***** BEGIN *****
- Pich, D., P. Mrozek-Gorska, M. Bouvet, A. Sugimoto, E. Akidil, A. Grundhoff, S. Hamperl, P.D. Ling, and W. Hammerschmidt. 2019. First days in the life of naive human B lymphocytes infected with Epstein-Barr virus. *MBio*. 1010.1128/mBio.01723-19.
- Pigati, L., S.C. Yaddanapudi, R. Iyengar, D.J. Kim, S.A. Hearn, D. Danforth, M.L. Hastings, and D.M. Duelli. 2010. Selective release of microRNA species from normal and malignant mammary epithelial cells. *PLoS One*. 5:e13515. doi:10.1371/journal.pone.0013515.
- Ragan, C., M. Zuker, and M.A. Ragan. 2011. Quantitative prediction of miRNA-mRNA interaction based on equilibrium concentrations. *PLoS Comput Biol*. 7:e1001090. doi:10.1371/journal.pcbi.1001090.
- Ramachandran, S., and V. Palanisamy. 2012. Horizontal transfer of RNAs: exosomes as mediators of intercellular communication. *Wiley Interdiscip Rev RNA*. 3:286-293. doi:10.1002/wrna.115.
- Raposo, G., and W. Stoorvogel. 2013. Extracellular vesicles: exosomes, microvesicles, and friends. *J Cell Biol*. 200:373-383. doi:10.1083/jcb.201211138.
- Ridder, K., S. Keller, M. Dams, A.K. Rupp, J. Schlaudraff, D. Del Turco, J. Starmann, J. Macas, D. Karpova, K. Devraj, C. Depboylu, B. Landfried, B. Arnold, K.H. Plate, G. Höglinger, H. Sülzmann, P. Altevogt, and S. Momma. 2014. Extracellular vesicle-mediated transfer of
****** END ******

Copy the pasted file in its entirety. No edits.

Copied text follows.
- Pich, D., P. Mrozek-Gorska, M. Bouvet, A. Sugimoto, E. Akidil, A. Grundhoff, S. Hamperl, P.D. Ling, and W. Hammerschmidt. 2019. First days in the life of naive human B lymphocytes infected with Epstein-Barr virus. *MBio*. 1010.1128/mBio.01723-19.
- Pigati, L., S.C. Yaddanapudi, R. Iyengar, D.J. Kim, S.A. Hearn, D. Danforth, M.L. Hastings, and D.M. Duelli. 2010. Selective release of microRNA species from normal and malignant mammary epithelial cells. *PLoS One*. 5:e13515. doi:10.1371/journal.pone.0013515.
- Ragan, C., M. Zuker, and M.A. Ragan. 2011. Quantitative prediction of miRNA-mRNA interaction based on equilibrium concentrations. *PLoS Comput Biol*. 7:e1001090. doi:10.1371/journal.pcbi.1001090.
- Ramachandran, S., and V. Palanisamy. 2012. Horizontal transfer of RNAs: exosomes as mediators of intercellular communication. *Wiley Interdiscip Rev RNA*. 3:286-293. doi:10.1002/wrna.115.
- Raposo, G., and W. Stoorvogel. 2013. Extracellular vesicles: exosomes, microvesicles, and friends. *J Cell Biol*. 200:373-383. doi:10.1083/jcb.201211138.
- Ridder, K., S. Keller, M. Dams, A.K. Rupp, J. Schlaudraff, D. Del Turco, J. Starmann, J. Macas, D. Karpova, K. Devraj, C. Depboylu, B. Landfried, B. Arnold, K.H. Plate, G. Höglinger, H. Sülzmann, P. Altevogt, and S. Momma. 2014. Extracellular vesicle-mediated transfer of